In the Theory of Justice (1971), Rawls offered an alternative to utilitarianism that led to different conclusions about justice. He asserted that if people had to choose principles of justice from behind a "veil of ignorance" that restricted their understanding of their own position in the society as a result of which they would protect their liberty and safeguard themselves against the worst possible outcome.
[...] So, the principles of justice are chosen behind a veil of ignorance (One of the criticisms made to Rawls' theory is that it seeks for impartiality, but ignores that although behind the veil of ignorance people reason in a prudential way, and their reasoning is constrained by their ignorance, which breaks impartiality). Since everyone is similarly situated and no one is able to design principles to favor his particular condition, the principles of justice are the result of a fair agreement or bargain. [...]
[...] Rawls leaves clear that a person cannot elaborate a principle of justice according to his own interests, and that is why he establishes his veil of ignorance, supposing then five resulting formal conditions. These conditions are supposed to eliminate egoist conceptions: 1. the principles of justice are general universal, since applied to everyone without distinction known by everyone, so that people are aware of what kind of engagement they are coming into obey an hierarchy - the first principle must be regarded as being one step up from he second unchangeable - you cannot modify the principles. [...]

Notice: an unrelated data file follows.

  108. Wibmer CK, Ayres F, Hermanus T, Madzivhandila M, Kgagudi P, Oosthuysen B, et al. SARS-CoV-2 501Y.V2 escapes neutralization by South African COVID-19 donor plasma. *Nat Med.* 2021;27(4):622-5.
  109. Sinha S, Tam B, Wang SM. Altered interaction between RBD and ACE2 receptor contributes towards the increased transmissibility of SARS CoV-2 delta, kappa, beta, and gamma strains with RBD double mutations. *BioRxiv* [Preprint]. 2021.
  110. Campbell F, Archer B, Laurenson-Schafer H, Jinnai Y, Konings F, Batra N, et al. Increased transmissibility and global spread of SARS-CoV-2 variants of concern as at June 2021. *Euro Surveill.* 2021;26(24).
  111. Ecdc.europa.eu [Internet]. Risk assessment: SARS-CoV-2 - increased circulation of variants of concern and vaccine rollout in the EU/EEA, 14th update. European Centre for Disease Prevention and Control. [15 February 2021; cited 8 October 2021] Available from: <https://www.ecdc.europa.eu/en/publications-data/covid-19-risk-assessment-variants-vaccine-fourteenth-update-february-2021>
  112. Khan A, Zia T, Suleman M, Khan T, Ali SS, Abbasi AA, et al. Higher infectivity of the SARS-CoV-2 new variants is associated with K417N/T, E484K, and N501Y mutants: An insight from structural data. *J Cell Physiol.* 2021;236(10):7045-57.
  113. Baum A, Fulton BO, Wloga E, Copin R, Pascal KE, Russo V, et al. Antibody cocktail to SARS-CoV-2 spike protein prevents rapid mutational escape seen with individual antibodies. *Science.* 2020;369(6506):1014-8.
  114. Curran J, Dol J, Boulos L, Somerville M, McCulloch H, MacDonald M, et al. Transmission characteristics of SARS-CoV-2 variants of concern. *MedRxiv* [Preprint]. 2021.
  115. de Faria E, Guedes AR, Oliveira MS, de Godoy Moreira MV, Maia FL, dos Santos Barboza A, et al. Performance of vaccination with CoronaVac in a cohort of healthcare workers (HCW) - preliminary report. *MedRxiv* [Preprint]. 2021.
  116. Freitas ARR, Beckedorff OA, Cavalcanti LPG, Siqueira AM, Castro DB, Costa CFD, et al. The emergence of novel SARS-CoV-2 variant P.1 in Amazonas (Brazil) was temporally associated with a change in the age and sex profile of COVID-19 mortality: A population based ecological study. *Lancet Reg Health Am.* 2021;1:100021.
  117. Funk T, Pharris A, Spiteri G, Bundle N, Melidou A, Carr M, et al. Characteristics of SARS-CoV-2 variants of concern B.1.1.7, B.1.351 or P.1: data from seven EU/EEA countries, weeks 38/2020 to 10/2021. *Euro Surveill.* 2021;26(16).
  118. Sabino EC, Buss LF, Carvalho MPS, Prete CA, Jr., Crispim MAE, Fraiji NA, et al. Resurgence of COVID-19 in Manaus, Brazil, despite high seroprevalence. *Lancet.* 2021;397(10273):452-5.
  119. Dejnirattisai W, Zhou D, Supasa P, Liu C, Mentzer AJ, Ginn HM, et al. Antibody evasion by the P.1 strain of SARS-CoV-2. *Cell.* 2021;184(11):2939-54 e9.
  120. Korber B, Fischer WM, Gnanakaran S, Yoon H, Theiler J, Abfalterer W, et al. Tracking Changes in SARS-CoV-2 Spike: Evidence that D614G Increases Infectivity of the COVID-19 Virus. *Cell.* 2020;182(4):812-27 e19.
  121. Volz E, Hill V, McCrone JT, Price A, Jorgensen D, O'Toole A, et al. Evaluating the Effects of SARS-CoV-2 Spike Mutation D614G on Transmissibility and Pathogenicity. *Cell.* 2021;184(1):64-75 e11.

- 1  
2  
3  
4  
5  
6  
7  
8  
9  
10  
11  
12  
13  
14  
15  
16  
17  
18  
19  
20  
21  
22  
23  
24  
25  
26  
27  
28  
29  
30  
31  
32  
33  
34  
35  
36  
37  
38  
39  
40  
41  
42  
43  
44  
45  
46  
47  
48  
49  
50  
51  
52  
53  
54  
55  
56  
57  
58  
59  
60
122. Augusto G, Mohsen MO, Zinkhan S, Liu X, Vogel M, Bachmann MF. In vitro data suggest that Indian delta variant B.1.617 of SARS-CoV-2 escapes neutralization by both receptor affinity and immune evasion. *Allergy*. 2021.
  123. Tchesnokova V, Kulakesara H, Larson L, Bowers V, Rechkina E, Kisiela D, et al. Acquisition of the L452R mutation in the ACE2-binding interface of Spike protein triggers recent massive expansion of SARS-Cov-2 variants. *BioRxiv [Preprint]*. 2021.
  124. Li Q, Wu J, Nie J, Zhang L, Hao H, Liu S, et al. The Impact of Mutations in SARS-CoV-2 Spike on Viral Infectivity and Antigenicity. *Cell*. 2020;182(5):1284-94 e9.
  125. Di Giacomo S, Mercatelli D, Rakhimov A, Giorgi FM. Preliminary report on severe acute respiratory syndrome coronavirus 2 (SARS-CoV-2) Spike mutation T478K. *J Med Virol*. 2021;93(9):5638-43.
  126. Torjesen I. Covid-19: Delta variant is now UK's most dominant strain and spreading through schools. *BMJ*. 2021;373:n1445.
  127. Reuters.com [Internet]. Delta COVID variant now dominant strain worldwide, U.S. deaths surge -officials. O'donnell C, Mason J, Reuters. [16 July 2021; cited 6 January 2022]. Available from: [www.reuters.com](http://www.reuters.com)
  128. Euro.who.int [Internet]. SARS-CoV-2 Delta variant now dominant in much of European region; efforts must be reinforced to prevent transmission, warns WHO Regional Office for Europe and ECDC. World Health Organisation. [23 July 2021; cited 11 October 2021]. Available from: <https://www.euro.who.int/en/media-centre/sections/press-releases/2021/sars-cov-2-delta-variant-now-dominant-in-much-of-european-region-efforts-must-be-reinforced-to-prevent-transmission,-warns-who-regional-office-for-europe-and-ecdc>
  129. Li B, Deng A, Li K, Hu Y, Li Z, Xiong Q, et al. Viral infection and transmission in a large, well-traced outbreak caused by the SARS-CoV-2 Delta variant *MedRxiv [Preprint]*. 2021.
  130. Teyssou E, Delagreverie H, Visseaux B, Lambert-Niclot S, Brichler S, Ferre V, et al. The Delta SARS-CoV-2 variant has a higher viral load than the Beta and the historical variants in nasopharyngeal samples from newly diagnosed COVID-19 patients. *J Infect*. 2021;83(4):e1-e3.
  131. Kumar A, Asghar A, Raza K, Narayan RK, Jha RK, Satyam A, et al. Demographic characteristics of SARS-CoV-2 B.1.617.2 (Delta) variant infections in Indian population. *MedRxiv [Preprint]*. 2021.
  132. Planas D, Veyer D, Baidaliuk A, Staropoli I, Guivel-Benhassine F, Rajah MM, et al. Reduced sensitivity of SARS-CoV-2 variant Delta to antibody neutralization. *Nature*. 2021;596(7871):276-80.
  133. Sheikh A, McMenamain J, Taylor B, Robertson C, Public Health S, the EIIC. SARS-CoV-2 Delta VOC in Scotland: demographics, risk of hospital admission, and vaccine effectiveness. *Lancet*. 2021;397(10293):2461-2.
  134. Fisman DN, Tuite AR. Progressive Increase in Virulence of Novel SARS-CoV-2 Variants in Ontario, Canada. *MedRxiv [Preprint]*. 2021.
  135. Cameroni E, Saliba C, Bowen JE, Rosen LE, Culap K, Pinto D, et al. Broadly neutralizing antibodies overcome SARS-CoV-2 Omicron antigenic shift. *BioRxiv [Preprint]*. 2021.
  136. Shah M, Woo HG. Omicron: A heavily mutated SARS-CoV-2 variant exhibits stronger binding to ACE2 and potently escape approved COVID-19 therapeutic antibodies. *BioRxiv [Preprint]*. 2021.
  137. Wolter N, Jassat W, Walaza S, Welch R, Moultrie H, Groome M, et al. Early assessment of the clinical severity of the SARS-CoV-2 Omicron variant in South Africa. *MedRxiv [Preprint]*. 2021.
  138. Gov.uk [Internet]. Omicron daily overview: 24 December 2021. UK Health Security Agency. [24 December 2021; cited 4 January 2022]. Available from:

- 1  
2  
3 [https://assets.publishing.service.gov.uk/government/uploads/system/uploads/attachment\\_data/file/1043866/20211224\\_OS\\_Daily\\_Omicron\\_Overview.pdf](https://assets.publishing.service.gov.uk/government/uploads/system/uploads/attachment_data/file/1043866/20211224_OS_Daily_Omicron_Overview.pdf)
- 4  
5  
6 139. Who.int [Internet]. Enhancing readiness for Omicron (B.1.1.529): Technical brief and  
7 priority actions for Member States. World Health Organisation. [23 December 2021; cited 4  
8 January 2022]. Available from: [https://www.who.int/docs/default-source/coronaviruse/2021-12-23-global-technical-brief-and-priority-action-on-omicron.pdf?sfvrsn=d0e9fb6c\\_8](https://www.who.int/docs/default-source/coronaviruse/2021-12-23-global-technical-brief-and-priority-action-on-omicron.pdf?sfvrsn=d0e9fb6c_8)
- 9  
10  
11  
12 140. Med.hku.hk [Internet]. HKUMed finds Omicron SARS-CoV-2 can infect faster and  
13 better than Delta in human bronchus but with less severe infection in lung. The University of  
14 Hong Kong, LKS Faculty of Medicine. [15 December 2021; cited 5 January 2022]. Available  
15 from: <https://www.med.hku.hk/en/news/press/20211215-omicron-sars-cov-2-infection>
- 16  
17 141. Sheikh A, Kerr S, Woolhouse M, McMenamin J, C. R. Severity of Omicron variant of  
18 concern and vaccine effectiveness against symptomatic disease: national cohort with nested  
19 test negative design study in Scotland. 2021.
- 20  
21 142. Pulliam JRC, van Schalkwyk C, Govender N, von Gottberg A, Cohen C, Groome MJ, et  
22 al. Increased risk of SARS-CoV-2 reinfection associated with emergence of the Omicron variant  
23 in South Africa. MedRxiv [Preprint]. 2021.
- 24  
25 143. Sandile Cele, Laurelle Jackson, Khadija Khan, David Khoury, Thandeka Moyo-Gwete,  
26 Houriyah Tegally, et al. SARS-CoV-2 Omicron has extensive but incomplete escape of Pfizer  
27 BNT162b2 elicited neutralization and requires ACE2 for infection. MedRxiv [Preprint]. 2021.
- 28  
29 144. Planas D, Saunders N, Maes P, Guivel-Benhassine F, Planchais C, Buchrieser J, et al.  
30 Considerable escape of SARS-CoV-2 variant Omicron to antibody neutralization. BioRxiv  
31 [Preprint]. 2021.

[...] The adoption of the social contract position is followed by the elaboration of a Constitution (Here is another critic often made to Rawls' Theory of Justice: he claims his theory to be universal, but the way he suggests the application of his principles of justice and his construction of a just society is clearly applied to constitutional democracies, as he leaves clear in his urge for the elaboration of a Constitution) that ought to be just, once it ought to be based on the principles of justice. [...]
[...] Rawls' concern is to construct the principles of justice, and he revises the general conception of his theory of justice in the following way: social primary goods: liberty and opportunity, income and wealth and the bases of self-respect are to be distributed equally, unless an unequal distribution of any or all of these goods is to the advantage of the least favored.” He considers that his theory of justice brings at least the reply to the question of knowing which are the principles of justice that should organize the terms of social cooperation between free and equal persons, and another important idea is the view of equality as “equality of opportunities”, and that is what can be understood by his “difference principle” (Thinking about the question démocratie est-elle compatible avec l'inégalité?” , equality of opportunities is an important notion that might help develop an interesting answer). [...]
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